The Clinton Health Access Initiative, Inc. (CHAI) is a global health organization committed to saving lives and reducing the burden of disease in low-and middle-income countries, while strengthening the capabilities of governments and the private sector in those countries to create and sustain high-quality health systems that can succeed without our assistance. For more information, please visit: http://www.clintonhealthaccess.org
CHAI's Vaccines Program
Immunization is one of the most successful public health interventions in history. National immunization programs reach >100 million infants every year and have averted globally, two to three million deaths every year since the launch of the Expanded Program for Immunization (EPI) in 1974, whilst the pneumococcal conjugate vaccine (PCV) and rotavirus vaccines could save ~1 million lives per year. Furthermore, great advances in discovering and financing new vaccines provide a great opportunity for countries to further reduce the burden of disease due to virus such as the human papillomavirus (HPV). Despite these successes, 1.5 million children still die each year of vaccine-preventable diseases, many of them in low-income countries, as immunization programs there face unprecedented challenges.
Since 2010, the Clinton Health Access Initiative has worked to save lives and reduce the burden of vaccine-preventable-diseases by improving access to immunization services in resource-limited setting, by strengthening national immunization programs, and by leveraging its experience working in low income countries to improve the global immunization ecosystem. CHAI's vaccine program works closely with the national immunization programs in 11 focus countries - Cameroon, Ethiopia, India, Indonesia, Kenya, Lao PDR, Lesotho, Nigeria, Tanzania, Uganda and Vietnam. CHAI also engages with key global stakeholders such as Gavi, WHO, UNICEF and BMGF to inform global policies and practices.
CHAI is pursuing six complementary strategic goals as part of its vaccine strategy:
Once countries have an average GNI/capita of $1,580 over 3 consecutive years, they begin the Gavi Transition process where over a five year time-period they bear a greater share of the cost of their immunization programs until they are fully self-financing. When countries transition out of Gavi support, they are expected to have successfully expanded their national immunization programmes with critical life-saving vaccines. In addition, robust systems and decision-making processes should also be in place to sustain current and new vaccines post-transition with high and equitable coverage. Countries approaching or currently in transition thus need to think strategically about their financial planning, which new vaccines to introduce, and to plan and mobilize domestic and external resources early to ensure those new vaccine costs can be sustained post-transition. To address these challenges, CHAI will be working with the governments in Vietnam, Lao PDR, Indonesia, Kenya, and Nigeria to sustain high immunization coverage, while effectively deploying the limited amount of Gavi support they have before it phases out and ensure high risks and dependencies at the national and subnational level are addressed.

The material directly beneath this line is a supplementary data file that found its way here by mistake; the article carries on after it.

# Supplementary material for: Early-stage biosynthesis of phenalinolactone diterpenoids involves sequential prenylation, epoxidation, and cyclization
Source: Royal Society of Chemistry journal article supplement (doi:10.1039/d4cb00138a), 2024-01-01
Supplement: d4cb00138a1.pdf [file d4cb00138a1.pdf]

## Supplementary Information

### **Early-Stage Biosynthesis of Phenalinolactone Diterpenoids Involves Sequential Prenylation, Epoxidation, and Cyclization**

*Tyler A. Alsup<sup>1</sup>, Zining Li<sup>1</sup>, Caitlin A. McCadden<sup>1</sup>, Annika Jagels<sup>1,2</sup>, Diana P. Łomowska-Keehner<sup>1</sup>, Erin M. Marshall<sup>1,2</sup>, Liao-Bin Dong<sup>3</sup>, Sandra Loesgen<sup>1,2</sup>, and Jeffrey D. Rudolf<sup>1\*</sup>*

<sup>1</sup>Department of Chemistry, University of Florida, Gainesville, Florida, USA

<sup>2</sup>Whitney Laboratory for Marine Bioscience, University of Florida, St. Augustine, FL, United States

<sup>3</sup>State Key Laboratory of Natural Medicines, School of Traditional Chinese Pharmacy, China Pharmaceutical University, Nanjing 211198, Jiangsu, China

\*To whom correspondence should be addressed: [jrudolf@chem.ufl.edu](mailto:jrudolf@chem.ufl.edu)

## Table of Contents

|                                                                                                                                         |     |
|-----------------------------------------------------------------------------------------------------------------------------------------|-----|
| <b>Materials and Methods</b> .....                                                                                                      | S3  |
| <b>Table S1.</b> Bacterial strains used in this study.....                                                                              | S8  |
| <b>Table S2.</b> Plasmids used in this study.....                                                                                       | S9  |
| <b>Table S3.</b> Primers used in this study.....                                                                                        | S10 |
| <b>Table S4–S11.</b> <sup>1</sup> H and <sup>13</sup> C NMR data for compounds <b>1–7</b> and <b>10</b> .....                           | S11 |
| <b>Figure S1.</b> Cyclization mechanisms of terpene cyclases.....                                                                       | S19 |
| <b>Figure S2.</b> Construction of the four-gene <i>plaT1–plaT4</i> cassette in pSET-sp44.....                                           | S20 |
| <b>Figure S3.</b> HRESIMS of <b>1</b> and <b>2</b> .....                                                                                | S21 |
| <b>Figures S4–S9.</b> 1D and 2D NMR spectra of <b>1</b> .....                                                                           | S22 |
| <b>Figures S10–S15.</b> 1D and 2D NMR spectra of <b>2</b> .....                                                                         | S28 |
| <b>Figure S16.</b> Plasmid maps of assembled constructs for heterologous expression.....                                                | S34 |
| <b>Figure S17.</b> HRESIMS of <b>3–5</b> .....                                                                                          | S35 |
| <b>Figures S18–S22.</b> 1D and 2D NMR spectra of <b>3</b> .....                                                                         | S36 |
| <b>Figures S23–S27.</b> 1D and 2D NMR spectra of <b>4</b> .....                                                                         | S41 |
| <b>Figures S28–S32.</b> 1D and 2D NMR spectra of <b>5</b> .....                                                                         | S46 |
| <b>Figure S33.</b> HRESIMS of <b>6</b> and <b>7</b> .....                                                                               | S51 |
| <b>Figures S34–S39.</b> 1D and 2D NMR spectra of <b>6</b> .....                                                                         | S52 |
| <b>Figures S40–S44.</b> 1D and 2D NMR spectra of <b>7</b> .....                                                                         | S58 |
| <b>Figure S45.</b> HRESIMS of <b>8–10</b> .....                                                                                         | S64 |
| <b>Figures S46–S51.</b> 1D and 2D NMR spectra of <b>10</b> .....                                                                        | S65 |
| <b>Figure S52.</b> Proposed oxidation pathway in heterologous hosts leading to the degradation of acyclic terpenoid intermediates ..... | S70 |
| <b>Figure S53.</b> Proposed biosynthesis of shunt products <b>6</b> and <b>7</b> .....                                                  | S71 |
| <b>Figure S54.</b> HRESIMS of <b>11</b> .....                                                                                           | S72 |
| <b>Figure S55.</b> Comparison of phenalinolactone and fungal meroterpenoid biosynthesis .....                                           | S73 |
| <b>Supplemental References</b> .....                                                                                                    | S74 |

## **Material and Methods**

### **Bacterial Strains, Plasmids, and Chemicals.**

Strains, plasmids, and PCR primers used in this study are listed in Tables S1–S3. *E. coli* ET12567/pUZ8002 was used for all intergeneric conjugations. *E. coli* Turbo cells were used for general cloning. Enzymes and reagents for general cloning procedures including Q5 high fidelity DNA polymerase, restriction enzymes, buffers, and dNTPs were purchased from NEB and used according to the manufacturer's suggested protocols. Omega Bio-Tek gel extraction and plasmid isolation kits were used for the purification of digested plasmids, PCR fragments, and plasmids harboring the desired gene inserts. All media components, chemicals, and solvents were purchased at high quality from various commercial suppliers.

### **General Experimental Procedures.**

PNG is another country that is facing significant challenges as it continues to transition from Gavi support with important gaps in coverage and equity for immunization at the national and provincial level. CHAI will develop potential scope for support to the PNG government in transitioning from Gavi support. CHAI’s long-term engagement in PNG, as the 12th and the newest program country in vaccines will be based on the scoping exercise and discussions with the government and donor.
CHAI’s PNG office opened in 2006 and has been a highly recognized partner of the HIV program. Since its inception, CHAI PNG supported the implementation of Prevention, Care and Treatment for the National HIV Program both at the national and sub-national level with a goal to build a sustainable HIV program and ensure capacity building of government human resources in PNG. Recently, CHAI PNG has ceased its HIV work and is working toward establishing newer health programs in the country. CHAI PNG currently does not have a Vaccines Delivery team. The Program Manager will be the first senior member of the team and will have to work closely with the PNG Country Director.
 Gavi, Eligibility and transition policy (https://www.gavi.org/about/programme-policies/eligibility-and-transition/)
CHAI PNG is looking for a Program Manager to join the team to lead the vaccines scoping work in PNG, beginning as a six-month project which could be extended as longer-term support to PNG MOH pending a decision from CHAI and the donor. The goal of this work will be to identify gaps and needs that are emerging as PNG is transitioning from Gavi support and to develop potential scope of support for CHAI to implement as part of its Gavi Transition support to the PNG MOH.
We are seeking a highly motivated individual with exceptional qualitative and quantitative analytical abilities, and leadership and communication skills. The Program Manager must be able to function independently and flexibly and have a strong commitment to excellence. Successful candidates demonstrate resourcefulness, responsibility, tenacity, independence, work ethic and emotional intelligence.
The successful candidate will work with the Global Vaccines team as well as with the CHAI PNG country leadership team on the following roles and responsibilities, but not only limited to the following: